New procedural rules were introduced in England in April 2013. The rules provide for more hands-on case management by judges and stricter enforcement of time limits.
As with anything new, there was some trial and error and the law of unintended consequences came into effect.
A decision regarded as draconian by most litigators in the Mitchell case, left lawyers in something of a quandary. If the opponent missed a deadline, would it be negligent not to capitalise on the default? Alternatively, by being too intransigent, might the lawyer let his client or even his firm in for an adverse costs order for unreasonable behaviour?
After Mitchell, there were over 40 cases in relation to relief from sanctions, adding to the costs of the individual cases and using up a large amount of judicial resources.
In Denton and others v TH White Ltd and another; Decadent Vapours Ltd v Bevan and others; Utilise TDS Ltd v Davies and others  EWCA Civ 906 the Court of Appeal provided guidance to courts considering relief from sanctions pursuant to CPR rule 3.9 for non-compliance with court orders.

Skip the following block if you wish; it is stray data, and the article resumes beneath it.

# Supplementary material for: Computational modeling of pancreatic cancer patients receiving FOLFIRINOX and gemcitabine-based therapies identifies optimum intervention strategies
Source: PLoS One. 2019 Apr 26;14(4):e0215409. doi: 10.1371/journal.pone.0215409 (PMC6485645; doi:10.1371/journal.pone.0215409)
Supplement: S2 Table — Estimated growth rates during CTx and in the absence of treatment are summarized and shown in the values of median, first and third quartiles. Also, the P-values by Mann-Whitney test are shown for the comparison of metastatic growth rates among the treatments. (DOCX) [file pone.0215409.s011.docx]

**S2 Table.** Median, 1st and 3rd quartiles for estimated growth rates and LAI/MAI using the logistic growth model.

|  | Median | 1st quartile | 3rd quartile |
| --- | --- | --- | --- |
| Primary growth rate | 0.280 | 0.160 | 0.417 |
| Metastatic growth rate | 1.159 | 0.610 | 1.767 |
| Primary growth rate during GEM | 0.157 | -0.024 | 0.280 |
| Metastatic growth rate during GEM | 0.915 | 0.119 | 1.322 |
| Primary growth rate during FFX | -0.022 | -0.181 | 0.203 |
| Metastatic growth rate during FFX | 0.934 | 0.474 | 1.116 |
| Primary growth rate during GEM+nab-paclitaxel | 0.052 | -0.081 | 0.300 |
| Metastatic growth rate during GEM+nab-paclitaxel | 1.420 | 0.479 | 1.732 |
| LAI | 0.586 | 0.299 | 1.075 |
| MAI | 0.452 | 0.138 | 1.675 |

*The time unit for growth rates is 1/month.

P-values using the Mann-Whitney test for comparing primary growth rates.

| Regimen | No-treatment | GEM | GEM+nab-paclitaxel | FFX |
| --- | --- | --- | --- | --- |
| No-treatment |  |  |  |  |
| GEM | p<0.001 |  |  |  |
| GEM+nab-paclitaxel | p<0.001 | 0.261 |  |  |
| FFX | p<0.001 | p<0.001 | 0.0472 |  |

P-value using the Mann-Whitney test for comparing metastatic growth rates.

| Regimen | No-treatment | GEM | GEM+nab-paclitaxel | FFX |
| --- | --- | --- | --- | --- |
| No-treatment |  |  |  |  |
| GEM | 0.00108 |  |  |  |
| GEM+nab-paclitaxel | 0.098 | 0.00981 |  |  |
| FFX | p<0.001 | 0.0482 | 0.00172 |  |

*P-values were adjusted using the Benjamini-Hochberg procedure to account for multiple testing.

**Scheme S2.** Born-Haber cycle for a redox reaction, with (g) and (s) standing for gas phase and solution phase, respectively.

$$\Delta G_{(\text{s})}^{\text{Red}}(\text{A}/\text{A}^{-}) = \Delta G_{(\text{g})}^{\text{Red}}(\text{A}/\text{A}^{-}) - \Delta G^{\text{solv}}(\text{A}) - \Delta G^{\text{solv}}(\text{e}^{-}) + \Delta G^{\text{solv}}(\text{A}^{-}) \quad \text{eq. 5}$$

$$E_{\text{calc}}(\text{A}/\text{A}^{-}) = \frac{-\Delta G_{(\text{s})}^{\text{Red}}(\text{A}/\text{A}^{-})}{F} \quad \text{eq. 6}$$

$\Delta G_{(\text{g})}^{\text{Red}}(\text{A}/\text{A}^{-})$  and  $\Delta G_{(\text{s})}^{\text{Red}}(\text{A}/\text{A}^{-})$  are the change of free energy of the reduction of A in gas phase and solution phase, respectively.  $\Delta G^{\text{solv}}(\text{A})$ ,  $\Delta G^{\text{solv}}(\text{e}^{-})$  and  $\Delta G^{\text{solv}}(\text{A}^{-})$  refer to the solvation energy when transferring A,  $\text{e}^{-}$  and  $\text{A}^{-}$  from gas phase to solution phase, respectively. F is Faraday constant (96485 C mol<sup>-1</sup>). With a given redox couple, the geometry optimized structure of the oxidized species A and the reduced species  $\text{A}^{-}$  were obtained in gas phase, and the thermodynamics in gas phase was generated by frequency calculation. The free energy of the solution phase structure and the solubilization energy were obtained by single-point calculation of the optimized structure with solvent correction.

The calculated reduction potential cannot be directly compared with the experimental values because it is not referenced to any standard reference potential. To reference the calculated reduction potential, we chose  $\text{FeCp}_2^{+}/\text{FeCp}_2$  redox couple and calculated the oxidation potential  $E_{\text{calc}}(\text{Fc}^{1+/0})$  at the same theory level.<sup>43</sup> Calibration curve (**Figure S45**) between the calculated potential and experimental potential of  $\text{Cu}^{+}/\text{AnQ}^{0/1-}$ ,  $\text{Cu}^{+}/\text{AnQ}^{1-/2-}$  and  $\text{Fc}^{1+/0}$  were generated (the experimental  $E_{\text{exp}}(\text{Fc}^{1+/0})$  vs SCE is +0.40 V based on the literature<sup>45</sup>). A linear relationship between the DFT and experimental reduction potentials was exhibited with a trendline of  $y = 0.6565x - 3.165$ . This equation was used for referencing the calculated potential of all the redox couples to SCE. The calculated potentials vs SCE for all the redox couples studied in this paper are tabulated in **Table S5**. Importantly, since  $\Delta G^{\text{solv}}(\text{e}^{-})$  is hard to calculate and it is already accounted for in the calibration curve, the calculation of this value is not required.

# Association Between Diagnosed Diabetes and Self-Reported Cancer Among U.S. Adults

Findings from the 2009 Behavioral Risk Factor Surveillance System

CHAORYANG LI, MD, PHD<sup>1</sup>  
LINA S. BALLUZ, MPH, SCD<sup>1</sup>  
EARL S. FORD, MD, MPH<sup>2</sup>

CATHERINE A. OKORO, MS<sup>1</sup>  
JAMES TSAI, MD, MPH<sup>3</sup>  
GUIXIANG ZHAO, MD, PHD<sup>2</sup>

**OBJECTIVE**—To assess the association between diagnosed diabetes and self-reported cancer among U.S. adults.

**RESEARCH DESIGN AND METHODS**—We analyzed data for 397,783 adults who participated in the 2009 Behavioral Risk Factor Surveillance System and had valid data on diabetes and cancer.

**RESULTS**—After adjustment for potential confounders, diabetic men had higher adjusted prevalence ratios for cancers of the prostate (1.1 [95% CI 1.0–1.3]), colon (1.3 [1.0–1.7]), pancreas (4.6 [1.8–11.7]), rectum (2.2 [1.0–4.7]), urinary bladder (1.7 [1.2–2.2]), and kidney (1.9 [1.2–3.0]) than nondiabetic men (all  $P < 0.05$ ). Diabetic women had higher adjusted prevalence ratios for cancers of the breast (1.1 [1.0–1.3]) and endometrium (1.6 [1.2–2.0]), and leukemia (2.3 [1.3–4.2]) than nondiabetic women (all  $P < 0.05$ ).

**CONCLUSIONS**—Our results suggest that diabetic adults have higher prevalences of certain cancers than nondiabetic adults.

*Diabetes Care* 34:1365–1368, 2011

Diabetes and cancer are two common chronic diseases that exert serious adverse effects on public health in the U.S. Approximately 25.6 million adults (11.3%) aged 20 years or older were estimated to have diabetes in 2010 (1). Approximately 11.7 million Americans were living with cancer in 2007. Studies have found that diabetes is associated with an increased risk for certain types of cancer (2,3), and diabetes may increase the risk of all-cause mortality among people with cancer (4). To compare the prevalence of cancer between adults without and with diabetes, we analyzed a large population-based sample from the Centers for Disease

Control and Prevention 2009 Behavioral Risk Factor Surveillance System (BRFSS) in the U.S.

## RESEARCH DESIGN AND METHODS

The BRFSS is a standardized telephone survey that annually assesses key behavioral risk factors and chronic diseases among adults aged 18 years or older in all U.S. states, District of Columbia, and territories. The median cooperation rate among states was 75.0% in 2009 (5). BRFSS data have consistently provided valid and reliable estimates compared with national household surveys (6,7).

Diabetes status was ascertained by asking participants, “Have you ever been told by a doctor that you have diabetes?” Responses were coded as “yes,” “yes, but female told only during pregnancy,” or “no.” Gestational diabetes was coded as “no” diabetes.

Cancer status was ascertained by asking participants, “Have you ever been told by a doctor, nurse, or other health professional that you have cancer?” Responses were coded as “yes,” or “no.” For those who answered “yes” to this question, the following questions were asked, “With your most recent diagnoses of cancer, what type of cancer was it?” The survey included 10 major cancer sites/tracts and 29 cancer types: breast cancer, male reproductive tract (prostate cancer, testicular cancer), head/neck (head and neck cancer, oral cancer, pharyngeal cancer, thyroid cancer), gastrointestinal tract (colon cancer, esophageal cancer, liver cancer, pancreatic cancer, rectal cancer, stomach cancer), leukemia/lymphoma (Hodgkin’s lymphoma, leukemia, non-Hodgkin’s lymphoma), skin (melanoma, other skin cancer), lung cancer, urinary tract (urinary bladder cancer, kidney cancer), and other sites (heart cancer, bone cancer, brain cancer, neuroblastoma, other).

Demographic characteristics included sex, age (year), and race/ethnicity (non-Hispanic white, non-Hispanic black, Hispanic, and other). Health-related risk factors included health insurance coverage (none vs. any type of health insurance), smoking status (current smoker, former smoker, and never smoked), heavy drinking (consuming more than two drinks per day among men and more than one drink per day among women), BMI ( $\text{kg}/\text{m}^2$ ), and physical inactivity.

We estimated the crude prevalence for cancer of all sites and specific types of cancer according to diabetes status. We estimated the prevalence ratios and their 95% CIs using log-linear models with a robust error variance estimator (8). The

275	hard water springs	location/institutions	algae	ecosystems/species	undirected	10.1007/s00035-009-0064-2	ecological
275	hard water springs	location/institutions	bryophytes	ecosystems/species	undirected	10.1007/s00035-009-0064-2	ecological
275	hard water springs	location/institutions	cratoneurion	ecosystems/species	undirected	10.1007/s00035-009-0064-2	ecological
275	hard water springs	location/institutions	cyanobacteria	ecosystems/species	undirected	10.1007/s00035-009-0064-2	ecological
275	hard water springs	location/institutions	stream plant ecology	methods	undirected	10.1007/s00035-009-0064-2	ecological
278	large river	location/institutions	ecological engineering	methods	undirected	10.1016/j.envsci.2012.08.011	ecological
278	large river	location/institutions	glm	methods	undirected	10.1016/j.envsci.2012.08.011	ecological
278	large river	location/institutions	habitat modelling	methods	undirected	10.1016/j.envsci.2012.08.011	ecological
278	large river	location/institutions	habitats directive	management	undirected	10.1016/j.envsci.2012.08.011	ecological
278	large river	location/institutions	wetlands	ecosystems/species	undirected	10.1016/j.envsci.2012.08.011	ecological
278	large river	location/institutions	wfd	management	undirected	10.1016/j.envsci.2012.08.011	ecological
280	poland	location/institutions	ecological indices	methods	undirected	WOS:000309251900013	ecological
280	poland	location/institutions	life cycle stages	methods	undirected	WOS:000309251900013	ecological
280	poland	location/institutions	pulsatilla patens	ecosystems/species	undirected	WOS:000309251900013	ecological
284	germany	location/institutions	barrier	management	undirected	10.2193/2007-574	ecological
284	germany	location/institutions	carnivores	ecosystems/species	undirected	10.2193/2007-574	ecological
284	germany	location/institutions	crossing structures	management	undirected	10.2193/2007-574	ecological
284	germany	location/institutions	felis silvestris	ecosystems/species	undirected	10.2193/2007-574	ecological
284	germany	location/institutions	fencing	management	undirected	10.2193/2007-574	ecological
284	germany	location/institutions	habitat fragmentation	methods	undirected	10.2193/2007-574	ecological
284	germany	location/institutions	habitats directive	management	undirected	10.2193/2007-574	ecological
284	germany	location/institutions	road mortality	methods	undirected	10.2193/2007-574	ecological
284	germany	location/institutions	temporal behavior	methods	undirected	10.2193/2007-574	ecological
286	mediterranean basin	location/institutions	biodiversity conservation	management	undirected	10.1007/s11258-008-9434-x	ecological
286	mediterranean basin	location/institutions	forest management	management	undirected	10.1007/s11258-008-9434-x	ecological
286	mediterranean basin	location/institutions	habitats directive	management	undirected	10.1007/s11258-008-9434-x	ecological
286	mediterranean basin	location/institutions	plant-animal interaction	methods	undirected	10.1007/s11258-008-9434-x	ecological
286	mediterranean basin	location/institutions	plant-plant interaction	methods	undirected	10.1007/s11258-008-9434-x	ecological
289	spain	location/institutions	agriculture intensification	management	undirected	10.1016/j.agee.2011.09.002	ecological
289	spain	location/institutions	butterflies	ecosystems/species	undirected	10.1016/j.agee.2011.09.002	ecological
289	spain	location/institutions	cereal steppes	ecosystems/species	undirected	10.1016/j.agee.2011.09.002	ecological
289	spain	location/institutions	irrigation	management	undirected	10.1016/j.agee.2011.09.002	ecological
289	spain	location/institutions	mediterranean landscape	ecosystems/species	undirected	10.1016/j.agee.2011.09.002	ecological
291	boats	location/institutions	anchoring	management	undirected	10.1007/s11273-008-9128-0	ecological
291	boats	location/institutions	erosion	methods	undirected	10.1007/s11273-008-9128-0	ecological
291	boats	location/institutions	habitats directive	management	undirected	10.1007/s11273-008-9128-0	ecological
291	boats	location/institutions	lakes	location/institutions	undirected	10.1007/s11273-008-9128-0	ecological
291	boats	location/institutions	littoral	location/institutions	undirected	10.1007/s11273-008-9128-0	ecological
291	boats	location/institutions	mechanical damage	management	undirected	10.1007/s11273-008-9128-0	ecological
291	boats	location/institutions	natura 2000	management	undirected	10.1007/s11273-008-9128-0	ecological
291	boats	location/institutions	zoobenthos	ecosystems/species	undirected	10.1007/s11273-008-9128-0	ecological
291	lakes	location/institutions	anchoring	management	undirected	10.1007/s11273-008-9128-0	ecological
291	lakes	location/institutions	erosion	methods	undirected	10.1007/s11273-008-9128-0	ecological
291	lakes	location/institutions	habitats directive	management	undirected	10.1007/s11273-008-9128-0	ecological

Two of the judges ruled that,
“A judge should address an application for relief from sanctions in three stages. The first stage is to identify and assess the seriousness and significance of the “failure to comply with any rule, practice direction or court order” which engages rule 3.9(1). If the breach is neither serious nor significant, the court is unlikely to need to spend much time on the second and third stages. The second stage is to consider why the default occurred. The third stage is to evaluate “all the circumstances of the case, so as to enable [the court] to deal justly with the application including [factors (a) and (b)]”.”
The question whether a breach was trivial or not, is not the question to be answered. “Rather, it should be on whether the breach has been serious or significant.”
Interestingly, Jackson LJ whose “Review of Civil Litigation Costs: Final Report” led to the rule changes, decided that the first two factors should not be given greater weight than other considerations, but that they have to be considered in every case and that, “Ultimately what rule 3.9 requires is that the court should “deal justly with the application”.”
The Court concluded with,
“But we hope, as we have said, that it will now be unnecessary to refer to earlier authorities in future and that the guidance we have given will assist in reducing the need for satellite litigation and will be conducive to a reasonably consistent judicial approach to the application of rule 3.9.”
As Hamlet said, “ ‘Tis a consummation devoutly to be wished.”